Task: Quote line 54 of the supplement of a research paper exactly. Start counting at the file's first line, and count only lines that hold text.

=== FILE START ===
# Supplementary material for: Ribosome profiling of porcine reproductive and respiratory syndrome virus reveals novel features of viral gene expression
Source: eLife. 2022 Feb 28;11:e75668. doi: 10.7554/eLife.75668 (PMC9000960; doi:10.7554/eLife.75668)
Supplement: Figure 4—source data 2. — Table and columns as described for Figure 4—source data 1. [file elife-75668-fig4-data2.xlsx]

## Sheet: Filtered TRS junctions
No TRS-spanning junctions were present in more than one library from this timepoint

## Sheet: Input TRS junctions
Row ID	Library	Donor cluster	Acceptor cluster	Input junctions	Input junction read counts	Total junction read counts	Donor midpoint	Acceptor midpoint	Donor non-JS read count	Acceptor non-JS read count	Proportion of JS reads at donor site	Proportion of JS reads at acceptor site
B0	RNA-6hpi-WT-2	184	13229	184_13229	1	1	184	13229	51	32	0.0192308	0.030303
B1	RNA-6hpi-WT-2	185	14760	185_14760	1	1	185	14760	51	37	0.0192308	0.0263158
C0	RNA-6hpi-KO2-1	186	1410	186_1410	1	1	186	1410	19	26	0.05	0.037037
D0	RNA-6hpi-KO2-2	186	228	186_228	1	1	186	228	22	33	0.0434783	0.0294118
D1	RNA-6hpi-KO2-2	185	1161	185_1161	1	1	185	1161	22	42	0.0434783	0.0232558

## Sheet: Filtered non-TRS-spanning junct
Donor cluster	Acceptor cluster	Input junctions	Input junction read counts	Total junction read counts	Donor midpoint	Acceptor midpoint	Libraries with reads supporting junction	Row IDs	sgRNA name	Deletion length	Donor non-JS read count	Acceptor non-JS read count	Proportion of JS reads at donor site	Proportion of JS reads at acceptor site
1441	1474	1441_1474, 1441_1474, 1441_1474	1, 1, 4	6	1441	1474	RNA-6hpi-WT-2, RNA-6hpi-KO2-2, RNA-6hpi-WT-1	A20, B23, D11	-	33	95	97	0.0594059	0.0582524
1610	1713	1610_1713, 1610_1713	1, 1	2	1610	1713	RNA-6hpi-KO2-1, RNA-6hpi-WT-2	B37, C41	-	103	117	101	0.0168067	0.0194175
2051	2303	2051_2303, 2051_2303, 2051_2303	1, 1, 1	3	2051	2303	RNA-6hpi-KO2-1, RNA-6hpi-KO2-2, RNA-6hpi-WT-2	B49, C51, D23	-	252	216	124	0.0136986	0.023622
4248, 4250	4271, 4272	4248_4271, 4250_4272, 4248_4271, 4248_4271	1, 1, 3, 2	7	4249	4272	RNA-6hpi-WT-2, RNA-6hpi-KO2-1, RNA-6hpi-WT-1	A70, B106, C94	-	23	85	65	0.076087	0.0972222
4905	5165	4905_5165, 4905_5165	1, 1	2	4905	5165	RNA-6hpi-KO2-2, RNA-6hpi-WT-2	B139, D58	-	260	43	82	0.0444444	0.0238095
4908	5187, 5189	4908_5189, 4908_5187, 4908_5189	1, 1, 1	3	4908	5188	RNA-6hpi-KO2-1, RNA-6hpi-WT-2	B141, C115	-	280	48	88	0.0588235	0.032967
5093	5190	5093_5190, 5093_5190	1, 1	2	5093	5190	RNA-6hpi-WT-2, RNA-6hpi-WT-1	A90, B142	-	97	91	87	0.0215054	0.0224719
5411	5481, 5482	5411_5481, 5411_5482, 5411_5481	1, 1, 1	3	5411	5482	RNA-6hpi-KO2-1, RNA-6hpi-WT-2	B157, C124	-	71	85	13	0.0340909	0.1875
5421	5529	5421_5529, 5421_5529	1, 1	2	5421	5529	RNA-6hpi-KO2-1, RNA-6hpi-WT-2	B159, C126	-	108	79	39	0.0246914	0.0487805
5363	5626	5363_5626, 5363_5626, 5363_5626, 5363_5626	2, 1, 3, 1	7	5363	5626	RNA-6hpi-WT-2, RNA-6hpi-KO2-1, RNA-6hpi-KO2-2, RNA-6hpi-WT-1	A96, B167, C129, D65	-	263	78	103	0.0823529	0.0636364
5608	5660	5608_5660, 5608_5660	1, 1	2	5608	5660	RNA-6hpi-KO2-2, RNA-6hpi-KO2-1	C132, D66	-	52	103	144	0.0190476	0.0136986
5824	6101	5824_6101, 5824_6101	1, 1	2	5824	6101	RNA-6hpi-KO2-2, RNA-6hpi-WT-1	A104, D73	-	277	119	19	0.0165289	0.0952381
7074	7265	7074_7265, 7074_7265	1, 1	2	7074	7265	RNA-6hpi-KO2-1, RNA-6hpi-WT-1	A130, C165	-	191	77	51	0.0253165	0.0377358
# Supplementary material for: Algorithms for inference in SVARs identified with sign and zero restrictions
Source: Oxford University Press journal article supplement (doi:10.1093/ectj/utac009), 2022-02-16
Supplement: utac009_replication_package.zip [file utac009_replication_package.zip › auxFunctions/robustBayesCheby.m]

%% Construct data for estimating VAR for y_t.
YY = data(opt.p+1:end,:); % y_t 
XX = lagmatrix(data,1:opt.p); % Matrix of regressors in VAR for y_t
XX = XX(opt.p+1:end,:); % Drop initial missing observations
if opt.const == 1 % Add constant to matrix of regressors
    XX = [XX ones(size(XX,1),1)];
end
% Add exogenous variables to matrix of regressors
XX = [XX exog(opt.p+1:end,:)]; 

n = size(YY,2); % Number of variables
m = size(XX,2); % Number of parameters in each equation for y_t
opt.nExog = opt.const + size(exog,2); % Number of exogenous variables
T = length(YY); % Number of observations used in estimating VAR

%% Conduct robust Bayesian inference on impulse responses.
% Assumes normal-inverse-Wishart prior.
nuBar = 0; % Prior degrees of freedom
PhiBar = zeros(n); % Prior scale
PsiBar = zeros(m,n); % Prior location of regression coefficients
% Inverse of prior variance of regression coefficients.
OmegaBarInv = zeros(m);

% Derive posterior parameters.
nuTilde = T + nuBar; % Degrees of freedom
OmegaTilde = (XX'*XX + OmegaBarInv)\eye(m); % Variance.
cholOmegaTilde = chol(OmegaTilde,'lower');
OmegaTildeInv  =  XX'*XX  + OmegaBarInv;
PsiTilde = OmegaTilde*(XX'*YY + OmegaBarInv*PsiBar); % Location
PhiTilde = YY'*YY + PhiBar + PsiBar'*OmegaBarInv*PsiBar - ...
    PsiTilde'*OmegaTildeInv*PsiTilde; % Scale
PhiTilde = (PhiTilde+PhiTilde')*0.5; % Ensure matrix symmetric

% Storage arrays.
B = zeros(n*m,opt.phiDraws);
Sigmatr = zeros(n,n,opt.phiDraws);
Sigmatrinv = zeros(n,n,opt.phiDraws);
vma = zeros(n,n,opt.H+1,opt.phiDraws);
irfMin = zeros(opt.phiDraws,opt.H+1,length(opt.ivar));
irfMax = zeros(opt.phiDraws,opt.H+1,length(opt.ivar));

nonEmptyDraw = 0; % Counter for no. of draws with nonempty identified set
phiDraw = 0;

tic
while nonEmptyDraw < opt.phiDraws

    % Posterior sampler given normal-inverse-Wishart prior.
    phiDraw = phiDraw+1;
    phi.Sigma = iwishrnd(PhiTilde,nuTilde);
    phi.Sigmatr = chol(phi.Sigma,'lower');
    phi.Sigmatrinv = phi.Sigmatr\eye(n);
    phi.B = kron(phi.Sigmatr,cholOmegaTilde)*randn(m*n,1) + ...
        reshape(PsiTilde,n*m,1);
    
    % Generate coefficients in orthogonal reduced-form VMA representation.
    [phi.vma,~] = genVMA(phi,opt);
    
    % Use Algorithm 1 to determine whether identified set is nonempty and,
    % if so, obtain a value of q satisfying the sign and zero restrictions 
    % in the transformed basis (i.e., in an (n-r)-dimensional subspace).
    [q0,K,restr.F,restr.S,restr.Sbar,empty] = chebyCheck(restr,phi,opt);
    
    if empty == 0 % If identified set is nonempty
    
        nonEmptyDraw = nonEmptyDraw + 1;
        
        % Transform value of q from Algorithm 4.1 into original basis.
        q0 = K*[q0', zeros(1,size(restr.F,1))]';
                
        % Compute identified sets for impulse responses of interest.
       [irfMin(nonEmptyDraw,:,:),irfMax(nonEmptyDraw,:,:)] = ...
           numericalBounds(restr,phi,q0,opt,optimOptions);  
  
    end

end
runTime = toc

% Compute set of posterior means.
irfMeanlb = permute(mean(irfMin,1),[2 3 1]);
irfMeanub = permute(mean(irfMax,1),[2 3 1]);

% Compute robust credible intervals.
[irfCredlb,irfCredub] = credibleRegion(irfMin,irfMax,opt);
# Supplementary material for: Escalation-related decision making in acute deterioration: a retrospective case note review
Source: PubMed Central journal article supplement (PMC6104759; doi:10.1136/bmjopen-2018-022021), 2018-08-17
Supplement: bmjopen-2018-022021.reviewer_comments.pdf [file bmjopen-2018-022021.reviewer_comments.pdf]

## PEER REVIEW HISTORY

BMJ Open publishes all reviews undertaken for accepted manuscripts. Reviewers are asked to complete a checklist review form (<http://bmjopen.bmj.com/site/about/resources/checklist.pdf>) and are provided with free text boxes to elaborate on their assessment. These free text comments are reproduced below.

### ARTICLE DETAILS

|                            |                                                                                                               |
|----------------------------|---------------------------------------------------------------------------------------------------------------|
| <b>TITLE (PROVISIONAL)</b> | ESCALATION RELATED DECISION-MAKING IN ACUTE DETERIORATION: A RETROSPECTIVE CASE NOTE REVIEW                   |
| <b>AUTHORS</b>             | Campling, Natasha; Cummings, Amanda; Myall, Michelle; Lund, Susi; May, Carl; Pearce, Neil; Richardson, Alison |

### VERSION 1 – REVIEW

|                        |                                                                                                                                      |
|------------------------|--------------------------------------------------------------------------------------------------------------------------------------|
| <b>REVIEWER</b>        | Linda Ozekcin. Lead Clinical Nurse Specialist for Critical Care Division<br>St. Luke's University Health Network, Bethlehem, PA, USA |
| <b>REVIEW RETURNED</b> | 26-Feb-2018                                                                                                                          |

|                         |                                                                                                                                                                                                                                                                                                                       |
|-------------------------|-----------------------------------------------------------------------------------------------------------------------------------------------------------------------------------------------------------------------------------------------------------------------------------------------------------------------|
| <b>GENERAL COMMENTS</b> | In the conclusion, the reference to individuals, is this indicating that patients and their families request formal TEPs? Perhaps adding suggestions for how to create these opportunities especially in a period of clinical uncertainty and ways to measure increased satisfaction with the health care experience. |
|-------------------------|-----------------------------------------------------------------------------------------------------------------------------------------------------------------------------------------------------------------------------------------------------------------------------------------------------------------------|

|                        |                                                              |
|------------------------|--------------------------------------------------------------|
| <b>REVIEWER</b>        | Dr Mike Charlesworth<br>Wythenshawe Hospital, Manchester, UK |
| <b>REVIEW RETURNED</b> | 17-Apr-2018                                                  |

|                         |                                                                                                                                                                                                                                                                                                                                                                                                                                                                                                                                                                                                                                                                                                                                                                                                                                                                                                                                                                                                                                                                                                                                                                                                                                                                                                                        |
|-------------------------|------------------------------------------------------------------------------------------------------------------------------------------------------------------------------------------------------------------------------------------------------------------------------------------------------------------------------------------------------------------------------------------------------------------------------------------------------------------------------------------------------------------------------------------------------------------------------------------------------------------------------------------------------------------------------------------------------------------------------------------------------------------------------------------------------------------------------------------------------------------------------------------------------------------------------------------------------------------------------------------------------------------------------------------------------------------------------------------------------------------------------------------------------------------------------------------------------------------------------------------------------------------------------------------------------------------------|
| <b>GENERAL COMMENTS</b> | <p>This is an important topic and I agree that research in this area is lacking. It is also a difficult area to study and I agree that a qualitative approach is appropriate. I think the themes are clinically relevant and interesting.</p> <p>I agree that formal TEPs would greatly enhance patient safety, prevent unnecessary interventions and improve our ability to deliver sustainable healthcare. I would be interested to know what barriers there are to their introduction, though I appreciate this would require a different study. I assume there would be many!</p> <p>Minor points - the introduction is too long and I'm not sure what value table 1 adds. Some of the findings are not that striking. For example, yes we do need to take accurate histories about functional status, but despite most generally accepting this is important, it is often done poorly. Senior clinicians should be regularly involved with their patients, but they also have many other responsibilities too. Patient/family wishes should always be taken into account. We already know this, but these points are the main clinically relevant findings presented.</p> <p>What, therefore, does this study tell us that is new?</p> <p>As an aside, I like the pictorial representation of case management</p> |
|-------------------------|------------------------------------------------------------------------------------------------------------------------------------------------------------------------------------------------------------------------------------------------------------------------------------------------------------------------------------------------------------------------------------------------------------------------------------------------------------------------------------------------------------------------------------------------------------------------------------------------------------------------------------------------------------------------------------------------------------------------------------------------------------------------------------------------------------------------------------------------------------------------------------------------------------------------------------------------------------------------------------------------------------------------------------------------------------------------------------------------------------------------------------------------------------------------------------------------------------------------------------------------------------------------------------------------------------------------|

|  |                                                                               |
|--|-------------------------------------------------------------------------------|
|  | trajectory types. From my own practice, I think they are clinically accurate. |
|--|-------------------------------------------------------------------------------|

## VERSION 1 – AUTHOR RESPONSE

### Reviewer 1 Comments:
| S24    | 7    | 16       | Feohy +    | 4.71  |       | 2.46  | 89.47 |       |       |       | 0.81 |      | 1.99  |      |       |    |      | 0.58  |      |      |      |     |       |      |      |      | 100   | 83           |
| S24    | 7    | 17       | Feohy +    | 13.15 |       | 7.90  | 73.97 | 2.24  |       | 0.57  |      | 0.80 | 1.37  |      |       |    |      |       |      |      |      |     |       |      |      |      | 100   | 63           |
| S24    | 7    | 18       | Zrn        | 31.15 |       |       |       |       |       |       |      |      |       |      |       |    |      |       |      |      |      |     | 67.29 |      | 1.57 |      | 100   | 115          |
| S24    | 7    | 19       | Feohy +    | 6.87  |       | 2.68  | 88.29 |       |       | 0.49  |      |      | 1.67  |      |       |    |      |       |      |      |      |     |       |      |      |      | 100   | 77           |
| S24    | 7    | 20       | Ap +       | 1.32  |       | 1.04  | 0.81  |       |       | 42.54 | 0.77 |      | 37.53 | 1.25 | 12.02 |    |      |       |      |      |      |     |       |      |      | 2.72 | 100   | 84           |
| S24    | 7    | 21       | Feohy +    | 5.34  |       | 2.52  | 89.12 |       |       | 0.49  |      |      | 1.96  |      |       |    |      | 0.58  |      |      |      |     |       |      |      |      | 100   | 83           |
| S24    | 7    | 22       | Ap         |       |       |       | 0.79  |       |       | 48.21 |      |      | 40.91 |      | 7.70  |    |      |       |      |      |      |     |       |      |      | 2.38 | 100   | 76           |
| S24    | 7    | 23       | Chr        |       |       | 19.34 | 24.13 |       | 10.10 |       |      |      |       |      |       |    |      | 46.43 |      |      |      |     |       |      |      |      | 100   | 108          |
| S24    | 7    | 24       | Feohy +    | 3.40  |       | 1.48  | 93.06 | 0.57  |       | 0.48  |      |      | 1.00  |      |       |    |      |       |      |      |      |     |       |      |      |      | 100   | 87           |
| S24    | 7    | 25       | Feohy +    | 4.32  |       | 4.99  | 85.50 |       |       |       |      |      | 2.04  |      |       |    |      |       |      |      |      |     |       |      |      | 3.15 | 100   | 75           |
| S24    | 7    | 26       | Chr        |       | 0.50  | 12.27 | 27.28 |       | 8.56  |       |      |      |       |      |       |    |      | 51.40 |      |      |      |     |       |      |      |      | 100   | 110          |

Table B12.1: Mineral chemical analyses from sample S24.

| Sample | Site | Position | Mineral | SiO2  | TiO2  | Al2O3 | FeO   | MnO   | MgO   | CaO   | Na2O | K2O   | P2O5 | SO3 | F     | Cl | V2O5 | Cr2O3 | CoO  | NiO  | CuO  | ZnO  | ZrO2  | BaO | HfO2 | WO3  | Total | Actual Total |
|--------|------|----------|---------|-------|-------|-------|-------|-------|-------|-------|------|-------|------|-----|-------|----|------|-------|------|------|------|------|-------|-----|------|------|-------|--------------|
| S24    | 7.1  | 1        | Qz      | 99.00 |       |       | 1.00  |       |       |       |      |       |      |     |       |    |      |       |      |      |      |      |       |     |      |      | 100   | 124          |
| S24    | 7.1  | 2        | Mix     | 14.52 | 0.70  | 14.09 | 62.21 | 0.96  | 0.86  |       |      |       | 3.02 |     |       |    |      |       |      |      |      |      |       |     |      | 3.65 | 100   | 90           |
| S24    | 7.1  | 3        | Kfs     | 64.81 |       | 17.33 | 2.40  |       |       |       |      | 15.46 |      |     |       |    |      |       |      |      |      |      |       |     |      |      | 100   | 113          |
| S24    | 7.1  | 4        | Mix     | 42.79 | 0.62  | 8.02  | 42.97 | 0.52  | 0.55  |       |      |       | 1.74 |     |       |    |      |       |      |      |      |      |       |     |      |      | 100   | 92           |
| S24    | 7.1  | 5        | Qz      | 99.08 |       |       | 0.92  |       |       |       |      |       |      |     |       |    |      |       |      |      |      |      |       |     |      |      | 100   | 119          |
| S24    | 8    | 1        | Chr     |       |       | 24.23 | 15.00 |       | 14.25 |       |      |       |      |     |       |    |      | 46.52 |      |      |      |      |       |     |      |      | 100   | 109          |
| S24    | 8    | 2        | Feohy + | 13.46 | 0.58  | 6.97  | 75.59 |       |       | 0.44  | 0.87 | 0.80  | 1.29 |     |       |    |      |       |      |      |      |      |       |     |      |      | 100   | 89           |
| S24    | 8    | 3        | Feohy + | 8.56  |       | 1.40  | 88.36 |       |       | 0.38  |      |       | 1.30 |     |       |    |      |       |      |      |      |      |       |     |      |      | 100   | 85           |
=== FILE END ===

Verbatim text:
cholOmegaTilde = chol(OmegaTilde,'lower');